You’re probably wondering what this has to do with Wakami. Let me give you a hint – a timber initiative isn’t the only thing that started incubating back then.
A little background first.
Sacala is a village in the highlands of Guatemala, where the war killed many people and destroyed many families – a war in which over 200,000 people were killed (or forcibly “disappeared”) and over 1 million fled. I met the people of Sacala in 1990, after getting my masters from Cornell, when I had decided to start an organic farm. My goal at that time was that the farm would not only have commercial purposes, but that it would also serve as a training center for rural communities of Guatemala.
I thought that if I could not change the WHOLE world, I would start my own small piece of it. That is how I got the opportunity to start training farmers from the highlands that were looking into ways to create prosperity after the war had destroyed much of their livelihoods. One of the village leaders from Sacala, Patricio Coroy, was one of my first trainees.
However, Patricio had a slightly different idea for his village.
“Maria, you have taught us how to grow organic vegetables. But that won’t do in our village. There are no good roads, no water for production of vegetables, no telephones for orders, no refrigerated trucks. However, we could do something else… we would love to start a forestry industry, from harvesting seeds, to starting nurseries to harvesting wood in a sustainable way, to a sawmill, carpentry, and finally our products in the markets. This would not only bring income, we would start recovering ecosystems, recovering soils, water sources, forests.”
I had a dream of a world were both people and the Earth would be happy and prosperous, and living in harmony, so I and a few other people jumped right into Patricio’s dream with him. We worked together until 2008, when they then started to be on their own. We planned, we planted, we harvested. We taught others to do what we were doing. Patricio, and the villagers of Sacala, were making a dream come true.
I hadn’t been back there in 10 years.
Last December, I went back for the first time in ten years, and it is hard to describe the experience to you here. But I will try.
As I was riding toward the village for the celebration, I saw that some things were the same (not great roads, not great access to water, not many public services). In a way, it was as if they were stuck in time.
But then, other things were now just like in the dream. The first 300 trees we had planted, with 10 farmers in one community in 1992, is now a system that works for over 1250 farmers in more than 12 communities in the territory. Under the first alnus trees (Andean alders) we planted, now there are lush coffee plants with beautiful green coffee beans. The initial sawmill we built back then is now a full commercial sawmill, and lots of workers are using their carpentry skills to supply products to great stores in Guatemala.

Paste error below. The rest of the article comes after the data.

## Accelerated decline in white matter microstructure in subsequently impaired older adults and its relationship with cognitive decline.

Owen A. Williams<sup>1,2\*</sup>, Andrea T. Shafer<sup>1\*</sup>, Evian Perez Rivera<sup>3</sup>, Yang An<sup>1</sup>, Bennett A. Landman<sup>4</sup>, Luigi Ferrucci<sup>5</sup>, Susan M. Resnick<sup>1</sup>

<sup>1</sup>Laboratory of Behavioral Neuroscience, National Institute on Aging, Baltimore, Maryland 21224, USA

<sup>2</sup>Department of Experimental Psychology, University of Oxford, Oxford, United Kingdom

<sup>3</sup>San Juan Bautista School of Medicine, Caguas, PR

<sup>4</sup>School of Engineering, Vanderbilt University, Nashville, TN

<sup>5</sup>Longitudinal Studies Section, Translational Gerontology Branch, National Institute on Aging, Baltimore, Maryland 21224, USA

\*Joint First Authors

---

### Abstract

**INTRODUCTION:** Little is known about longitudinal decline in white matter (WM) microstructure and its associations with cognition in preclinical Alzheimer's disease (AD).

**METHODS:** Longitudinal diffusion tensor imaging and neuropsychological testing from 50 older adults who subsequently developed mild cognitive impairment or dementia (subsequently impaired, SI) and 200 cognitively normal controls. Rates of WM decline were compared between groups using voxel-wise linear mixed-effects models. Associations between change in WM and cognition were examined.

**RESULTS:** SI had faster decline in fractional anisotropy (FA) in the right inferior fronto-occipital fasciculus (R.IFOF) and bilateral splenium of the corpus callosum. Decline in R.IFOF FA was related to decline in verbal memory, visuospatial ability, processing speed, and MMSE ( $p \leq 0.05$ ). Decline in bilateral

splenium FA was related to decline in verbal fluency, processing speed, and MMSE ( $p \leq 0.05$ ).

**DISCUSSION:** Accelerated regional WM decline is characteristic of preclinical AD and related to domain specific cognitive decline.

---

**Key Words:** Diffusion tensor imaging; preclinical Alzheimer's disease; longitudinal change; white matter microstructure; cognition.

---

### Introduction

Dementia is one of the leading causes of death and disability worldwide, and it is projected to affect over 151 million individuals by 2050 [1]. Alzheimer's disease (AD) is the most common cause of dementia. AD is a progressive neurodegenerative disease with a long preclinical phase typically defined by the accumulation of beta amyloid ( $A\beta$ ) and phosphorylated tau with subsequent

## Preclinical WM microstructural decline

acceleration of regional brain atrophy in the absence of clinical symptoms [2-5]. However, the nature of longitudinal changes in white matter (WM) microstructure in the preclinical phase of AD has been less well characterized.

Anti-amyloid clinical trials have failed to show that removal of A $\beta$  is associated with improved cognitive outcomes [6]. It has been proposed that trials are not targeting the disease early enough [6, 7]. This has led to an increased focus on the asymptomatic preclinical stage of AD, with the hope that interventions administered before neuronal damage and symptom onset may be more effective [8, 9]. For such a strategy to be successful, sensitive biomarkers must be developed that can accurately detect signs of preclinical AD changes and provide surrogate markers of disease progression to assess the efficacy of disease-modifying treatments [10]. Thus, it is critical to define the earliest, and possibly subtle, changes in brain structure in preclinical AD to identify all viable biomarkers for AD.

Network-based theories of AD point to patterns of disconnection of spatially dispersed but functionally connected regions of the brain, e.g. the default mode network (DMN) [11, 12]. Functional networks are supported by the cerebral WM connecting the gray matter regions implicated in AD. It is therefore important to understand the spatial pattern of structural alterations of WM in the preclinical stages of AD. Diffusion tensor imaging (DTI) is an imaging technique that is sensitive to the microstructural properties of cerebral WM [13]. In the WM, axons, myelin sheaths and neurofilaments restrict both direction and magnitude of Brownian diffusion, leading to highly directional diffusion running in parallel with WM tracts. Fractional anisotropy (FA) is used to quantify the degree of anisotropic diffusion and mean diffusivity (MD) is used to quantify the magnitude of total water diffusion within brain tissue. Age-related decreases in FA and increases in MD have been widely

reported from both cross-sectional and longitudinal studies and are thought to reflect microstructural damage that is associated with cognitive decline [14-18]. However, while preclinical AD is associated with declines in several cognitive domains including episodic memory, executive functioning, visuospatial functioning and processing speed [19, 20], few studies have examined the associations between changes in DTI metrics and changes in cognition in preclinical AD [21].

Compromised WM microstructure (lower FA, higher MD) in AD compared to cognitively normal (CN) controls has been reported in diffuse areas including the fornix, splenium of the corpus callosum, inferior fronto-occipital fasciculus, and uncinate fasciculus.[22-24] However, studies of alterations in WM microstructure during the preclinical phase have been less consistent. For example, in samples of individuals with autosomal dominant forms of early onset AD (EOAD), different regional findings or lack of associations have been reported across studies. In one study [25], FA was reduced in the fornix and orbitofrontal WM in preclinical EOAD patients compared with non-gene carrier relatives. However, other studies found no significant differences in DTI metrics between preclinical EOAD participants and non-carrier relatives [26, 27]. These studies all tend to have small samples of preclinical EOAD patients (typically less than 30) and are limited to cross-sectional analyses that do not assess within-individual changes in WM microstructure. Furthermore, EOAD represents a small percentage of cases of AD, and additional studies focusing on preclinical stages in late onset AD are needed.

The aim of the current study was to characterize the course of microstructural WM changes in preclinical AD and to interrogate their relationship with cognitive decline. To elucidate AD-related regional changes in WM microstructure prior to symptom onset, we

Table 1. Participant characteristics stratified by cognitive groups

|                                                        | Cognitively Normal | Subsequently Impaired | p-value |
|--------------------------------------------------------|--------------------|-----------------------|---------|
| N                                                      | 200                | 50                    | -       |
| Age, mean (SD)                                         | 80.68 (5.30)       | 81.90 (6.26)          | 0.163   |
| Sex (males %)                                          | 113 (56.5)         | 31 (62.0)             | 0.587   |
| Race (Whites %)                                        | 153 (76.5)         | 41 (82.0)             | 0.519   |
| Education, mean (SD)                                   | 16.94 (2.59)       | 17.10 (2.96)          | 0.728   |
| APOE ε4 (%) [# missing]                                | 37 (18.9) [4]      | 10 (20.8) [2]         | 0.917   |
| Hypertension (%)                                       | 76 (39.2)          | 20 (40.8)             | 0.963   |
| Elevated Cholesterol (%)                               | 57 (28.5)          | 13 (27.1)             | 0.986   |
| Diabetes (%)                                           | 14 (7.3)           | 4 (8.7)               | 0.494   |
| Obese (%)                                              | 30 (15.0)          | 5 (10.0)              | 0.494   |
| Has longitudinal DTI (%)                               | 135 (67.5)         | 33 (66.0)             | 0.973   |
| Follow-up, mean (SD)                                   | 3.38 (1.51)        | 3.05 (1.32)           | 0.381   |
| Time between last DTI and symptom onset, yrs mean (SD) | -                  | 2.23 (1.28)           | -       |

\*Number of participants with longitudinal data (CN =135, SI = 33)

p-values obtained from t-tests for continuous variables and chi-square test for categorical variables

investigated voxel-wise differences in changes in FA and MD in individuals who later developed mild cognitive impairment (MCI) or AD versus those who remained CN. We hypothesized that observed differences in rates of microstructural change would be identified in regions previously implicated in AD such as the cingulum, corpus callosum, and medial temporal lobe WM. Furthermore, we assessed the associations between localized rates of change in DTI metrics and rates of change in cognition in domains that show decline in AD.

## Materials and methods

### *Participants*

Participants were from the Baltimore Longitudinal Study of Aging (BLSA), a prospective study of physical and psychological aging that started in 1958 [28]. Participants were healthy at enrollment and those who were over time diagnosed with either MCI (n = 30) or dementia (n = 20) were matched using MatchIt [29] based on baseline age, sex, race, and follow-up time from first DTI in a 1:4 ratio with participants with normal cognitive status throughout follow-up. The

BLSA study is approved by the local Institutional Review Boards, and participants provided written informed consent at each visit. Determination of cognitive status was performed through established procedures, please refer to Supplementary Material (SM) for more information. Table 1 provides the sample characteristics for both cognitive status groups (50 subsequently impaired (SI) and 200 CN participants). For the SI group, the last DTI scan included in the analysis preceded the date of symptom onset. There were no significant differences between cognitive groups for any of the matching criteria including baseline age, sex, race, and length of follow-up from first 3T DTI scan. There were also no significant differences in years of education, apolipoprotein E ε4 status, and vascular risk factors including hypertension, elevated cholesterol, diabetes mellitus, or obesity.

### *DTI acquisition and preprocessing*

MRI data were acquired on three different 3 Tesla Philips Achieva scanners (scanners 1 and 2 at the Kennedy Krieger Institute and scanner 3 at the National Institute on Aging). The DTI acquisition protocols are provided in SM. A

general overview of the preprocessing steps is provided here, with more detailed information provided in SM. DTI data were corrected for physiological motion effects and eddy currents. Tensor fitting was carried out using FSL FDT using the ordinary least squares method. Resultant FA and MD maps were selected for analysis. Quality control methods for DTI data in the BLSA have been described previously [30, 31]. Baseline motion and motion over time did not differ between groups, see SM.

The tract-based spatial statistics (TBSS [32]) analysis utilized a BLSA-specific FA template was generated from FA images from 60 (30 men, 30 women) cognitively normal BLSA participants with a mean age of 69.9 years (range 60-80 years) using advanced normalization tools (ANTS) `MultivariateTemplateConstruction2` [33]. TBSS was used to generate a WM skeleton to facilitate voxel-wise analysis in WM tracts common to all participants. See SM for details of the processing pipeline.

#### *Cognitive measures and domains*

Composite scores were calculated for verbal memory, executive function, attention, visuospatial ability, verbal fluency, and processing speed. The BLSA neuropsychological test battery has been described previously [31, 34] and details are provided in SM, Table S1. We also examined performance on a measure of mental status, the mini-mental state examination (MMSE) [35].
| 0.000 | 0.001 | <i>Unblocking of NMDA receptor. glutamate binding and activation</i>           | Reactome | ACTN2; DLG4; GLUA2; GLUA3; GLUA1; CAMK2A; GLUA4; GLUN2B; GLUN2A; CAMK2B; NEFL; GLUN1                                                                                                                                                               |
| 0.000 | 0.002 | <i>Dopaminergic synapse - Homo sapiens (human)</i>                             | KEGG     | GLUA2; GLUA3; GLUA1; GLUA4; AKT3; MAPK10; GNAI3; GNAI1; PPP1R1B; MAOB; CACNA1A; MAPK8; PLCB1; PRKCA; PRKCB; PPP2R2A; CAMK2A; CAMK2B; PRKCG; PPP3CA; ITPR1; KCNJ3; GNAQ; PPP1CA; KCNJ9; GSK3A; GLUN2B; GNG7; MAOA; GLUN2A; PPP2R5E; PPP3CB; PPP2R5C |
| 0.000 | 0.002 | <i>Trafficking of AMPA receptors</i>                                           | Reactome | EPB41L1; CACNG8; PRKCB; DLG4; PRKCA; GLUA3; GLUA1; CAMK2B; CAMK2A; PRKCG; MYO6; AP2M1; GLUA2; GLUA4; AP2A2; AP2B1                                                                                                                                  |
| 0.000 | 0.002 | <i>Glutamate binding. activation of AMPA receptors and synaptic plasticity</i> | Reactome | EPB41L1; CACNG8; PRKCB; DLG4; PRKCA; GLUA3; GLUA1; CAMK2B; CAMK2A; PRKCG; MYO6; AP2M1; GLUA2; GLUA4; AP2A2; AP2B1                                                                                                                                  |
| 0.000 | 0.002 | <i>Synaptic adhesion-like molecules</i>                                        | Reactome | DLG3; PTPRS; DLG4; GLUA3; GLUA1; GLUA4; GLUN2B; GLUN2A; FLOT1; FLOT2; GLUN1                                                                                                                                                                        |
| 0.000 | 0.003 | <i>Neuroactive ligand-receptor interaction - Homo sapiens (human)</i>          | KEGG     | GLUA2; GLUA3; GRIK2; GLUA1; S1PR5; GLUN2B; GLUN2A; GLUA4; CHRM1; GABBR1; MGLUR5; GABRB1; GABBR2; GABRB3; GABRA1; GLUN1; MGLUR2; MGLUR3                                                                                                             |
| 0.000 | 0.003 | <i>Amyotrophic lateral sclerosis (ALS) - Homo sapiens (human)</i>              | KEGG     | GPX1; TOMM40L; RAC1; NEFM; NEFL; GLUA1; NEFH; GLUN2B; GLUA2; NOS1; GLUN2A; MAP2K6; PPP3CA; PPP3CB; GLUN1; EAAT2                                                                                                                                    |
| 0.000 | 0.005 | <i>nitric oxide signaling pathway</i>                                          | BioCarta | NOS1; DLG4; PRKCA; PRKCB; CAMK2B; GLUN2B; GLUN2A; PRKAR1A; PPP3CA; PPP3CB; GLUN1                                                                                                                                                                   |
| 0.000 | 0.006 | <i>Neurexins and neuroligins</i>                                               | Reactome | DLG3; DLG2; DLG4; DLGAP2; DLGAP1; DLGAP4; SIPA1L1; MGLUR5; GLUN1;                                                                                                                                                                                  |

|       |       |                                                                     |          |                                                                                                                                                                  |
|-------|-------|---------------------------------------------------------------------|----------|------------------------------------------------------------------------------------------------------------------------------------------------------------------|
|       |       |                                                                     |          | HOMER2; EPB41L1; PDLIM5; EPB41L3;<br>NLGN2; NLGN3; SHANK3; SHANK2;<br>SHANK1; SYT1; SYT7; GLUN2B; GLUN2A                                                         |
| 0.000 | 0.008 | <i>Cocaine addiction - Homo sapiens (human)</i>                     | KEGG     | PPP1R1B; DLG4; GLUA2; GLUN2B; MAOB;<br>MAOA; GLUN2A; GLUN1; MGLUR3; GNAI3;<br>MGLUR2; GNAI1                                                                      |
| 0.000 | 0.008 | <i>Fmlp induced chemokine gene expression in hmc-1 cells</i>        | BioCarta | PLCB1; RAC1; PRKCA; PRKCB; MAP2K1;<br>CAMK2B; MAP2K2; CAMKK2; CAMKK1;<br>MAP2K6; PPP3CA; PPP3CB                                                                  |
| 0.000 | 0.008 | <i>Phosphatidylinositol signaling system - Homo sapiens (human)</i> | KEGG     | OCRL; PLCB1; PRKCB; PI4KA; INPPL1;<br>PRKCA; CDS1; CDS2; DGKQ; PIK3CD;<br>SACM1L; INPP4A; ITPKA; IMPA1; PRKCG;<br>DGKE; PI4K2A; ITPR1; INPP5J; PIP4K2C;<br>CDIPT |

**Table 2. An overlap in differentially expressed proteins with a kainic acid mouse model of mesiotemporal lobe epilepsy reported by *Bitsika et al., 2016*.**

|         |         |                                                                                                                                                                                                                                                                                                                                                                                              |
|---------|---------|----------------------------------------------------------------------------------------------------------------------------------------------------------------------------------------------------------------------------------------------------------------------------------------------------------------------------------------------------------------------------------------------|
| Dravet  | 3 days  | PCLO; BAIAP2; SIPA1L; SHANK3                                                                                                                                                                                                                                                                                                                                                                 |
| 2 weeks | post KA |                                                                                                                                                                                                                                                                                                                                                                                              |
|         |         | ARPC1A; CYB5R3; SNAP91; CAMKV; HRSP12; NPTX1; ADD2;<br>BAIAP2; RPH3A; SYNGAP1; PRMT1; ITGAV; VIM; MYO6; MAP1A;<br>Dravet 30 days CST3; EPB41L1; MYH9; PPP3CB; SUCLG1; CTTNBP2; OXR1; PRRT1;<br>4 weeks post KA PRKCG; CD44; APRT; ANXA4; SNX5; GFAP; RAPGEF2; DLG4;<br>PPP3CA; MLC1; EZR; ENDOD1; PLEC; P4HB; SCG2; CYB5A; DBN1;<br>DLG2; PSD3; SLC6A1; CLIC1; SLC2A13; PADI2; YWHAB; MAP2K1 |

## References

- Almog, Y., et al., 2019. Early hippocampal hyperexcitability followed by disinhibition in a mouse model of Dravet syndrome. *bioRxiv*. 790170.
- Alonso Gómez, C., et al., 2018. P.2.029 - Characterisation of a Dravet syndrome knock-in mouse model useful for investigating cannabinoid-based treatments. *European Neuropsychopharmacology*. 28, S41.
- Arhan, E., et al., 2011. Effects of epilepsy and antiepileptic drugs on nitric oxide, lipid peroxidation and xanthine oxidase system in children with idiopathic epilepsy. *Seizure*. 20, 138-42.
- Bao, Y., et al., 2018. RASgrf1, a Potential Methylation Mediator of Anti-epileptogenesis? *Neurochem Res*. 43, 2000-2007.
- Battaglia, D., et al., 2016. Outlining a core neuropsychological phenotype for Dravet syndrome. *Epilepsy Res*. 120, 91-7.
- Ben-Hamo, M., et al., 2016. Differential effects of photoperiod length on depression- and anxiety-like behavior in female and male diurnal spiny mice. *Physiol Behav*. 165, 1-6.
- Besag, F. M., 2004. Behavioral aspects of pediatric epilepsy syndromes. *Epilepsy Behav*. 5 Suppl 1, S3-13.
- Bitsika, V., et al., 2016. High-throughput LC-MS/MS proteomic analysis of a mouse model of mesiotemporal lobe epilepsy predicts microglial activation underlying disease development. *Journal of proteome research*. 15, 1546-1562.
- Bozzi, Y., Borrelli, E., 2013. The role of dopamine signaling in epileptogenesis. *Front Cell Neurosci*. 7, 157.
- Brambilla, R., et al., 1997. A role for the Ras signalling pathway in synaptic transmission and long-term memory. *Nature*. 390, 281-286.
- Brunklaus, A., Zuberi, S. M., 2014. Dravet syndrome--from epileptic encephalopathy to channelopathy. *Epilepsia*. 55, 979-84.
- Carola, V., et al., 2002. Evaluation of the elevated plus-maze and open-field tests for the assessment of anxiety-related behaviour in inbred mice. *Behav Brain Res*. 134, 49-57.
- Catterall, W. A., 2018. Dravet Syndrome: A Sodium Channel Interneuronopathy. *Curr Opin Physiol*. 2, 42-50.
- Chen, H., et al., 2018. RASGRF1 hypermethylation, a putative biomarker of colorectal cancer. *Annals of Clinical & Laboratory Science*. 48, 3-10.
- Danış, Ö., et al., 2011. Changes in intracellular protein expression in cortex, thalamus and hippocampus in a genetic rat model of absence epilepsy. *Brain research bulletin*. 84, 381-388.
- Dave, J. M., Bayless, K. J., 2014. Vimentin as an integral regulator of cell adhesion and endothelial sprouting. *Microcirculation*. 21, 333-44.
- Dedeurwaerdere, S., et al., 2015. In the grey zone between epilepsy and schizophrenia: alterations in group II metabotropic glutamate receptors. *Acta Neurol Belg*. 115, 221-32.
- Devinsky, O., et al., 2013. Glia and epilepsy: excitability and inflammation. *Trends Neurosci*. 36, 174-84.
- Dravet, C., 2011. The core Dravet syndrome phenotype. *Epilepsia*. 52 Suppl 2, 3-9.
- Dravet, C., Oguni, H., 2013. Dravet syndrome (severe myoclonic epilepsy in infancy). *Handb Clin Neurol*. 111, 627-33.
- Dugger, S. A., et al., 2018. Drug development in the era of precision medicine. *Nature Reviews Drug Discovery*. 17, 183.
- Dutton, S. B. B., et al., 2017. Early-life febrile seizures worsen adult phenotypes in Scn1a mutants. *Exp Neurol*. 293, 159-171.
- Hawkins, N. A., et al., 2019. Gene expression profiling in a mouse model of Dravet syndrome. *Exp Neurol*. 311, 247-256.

But what struck me the most on this day was the laughter of the kids and the smiles of the initial founders of this project as they proudly explained how it had evolved . . . how now they had dividends . . . how now there were celebrations in places that had once been clandestine cemeteries from the war. Happiness instead of sadness had taken over this area. Healthy children, happy adults, prosperous, working farmers and craftsmen were what I saw. And I knew that our dreams had come true.
The gratefulness that I felt is an understatement. What we had dreamt of before, was in full bloom in front of my eyes . . . for me a reminder that dreams become reality if we are persistent, a reminder that individual dreams are strong and collective dreams are unstoppable, a reminder that great dreams take great time, but once that time goes by, it’s a pure shot of hope to the heart to see them unfold.
So… back to Wakami and how this all connects. You remember I told you that a timber initiative wasn’t the only thing that started incubating that day, back in 1992?
Here’s what happened…
Working on this sustainable timber initiative with this small village taught me about the power of dreams, the power of markets, and the power of people who want to make a difference with their actions. As I went on to meet with women in small rural villages, I saw that they too had dreams, and skills that could allow them to become the owners of their own destiny – if only they had access to markets and business education. Today, at Wakami, we work with these rural women to create products that make dreams a reality – healthy children who grow up with an education and with power, and parents who walk with their heads high where once they hung with despair. We help people make possible things that, at one time, seemed impossible.
That is why every purchase makes a difference. Every action creates hope, dreams, and miracles. By working together, we change the world.